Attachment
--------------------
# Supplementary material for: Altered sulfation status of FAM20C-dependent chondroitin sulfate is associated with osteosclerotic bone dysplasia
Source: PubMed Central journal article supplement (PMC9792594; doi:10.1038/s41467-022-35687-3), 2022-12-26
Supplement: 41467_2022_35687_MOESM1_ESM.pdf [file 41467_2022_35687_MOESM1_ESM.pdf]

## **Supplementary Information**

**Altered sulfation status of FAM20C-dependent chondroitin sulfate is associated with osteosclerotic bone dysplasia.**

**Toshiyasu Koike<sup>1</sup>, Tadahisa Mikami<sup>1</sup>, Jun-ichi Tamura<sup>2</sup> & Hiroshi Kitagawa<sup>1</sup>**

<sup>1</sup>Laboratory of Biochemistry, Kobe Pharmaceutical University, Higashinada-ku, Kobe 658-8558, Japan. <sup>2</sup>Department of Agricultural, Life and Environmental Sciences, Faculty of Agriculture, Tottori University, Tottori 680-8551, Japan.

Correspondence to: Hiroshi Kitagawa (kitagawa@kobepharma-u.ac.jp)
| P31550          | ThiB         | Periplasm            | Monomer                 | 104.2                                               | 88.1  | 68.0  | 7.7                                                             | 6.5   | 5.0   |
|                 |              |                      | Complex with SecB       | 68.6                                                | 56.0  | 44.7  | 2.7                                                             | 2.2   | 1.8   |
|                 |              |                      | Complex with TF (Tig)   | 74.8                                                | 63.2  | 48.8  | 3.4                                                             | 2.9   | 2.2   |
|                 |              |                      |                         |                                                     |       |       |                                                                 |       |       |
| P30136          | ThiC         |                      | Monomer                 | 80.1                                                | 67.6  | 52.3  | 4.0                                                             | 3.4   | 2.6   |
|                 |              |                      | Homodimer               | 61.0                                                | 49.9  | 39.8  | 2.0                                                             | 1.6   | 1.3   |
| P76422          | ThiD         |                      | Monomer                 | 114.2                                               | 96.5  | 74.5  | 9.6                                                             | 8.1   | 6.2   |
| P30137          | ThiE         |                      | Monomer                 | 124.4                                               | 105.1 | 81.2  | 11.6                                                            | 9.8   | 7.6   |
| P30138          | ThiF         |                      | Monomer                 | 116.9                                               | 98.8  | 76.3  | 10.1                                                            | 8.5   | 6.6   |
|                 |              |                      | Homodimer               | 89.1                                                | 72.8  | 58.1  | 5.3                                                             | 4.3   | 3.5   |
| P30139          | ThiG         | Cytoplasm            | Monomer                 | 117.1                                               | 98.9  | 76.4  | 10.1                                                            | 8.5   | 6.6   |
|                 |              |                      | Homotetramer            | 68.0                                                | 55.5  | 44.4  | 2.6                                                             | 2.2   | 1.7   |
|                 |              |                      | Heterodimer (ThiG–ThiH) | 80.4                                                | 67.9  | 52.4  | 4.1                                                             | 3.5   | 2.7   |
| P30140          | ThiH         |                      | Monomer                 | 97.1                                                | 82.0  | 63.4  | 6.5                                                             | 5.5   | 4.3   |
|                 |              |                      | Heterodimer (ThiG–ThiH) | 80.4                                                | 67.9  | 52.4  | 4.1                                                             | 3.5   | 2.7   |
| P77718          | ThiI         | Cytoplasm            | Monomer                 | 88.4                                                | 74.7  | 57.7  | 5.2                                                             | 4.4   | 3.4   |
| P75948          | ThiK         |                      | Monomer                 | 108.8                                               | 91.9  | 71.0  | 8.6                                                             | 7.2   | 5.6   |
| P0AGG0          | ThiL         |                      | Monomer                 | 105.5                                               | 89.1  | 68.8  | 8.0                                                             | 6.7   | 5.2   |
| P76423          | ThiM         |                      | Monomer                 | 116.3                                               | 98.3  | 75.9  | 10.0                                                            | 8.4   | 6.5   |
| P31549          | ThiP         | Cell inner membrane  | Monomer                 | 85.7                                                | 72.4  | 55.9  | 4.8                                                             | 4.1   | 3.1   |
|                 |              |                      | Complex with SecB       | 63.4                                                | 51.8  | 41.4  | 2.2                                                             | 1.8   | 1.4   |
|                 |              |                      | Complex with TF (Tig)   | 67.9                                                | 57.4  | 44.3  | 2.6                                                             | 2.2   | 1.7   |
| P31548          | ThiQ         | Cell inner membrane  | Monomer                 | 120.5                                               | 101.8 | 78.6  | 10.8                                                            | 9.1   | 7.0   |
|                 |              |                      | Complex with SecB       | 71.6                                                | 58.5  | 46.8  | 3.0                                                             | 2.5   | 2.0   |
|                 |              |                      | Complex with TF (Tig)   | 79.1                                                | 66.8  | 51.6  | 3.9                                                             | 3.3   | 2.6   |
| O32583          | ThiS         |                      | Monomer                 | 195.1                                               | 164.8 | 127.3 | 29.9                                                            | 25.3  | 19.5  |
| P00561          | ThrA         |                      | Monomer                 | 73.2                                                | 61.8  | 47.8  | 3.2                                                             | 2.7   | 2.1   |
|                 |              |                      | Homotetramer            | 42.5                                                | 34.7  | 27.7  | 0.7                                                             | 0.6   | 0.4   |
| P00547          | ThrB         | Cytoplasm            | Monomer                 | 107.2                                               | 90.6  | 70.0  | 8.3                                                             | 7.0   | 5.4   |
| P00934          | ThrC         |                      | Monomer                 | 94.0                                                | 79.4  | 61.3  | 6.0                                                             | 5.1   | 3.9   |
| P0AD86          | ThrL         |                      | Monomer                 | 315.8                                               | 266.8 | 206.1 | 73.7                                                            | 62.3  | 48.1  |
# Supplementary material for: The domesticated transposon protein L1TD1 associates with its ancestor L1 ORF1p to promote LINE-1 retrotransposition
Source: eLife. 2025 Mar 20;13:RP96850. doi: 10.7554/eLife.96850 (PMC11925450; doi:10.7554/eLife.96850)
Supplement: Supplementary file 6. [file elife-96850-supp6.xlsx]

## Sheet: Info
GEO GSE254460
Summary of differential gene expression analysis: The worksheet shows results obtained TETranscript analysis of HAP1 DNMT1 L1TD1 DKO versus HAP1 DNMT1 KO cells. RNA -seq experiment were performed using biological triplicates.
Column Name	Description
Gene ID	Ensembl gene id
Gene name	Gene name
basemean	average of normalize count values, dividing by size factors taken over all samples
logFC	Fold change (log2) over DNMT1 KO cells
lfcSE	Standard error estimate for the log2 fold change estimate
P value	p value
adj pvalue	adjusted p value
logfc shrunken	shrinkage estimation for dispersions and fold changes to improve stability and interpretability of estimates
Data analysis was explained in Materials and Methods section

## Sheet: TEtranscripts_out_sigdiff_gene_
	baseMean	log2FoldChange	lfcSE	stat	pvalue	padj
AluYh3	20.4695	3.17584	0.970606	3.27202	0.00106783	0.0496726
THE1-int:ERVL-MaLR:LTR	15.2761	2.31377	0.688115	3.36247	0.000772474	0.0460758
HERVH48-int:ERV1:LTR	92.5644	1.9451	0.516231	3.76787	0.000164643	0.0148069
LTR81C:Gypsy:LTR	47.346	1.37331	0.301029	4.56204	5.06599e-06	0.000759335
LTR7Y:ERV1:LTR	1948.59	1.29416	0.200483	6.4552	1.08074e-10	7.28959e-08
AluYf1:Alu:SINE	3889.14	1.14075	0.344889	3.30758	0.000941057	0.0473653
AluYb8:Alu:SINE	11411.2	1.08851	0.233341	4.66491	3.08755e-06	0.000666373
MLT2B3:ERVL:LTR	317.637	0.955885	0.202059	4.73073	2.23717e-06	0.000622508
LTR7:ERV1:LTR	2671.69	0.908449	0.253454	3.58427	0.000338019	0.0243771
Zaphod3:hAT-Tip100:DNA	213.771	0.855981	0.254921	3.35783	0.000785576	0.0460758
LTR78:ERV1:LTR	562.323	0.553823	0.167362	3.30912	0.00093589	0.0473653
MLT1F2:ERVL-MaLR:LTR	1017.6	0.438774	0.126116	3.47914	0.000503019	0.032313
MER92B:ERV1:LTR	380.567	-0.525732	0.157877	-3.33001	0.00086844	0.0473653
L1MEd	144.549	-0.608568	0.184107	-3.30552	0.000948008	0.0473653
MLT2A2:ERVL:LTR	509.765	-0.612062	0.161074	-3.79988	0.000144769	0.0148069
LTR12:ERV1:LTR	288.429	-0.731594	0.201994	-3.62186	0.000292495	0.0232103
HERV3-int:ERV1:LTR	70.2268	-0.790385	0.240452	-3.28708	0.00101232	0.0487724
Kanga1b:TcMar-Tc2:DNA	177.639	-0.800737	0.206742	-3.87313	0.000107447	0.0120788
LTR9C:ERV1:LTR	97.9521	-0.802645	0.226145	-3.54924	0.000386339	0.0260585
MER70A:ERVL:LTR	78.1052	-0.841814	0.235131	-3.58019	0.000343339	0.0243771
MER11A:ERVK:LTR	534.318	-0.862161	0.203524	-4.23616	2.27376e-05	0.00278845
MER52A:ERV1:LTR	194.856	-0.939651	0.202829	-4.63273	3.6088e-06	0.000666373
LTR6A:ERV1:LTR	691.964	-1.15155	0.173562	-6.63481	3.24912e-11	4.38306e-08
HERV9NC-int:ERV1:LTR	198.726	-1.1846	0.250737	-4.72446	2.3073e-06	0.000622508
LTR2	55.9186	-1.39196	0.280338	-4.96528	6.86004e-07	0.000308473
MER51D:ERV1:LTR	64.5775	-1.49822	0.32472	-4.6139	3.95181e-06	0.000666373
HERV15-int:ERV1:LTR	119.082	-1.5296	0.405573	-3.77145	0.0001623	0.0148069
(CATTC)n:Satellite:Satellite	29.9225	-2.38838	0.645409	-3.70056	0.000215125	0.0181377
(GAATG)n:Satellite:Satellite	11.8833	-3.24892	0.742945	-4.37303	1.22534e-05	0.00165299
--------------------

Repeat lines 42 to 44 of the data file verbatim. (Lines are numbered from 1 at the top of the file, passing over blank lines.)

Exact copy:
Supplement: Supplementary file 6. [file elife-96850-supp6.xlsx]

## Sheet: Info
GEO GSE254460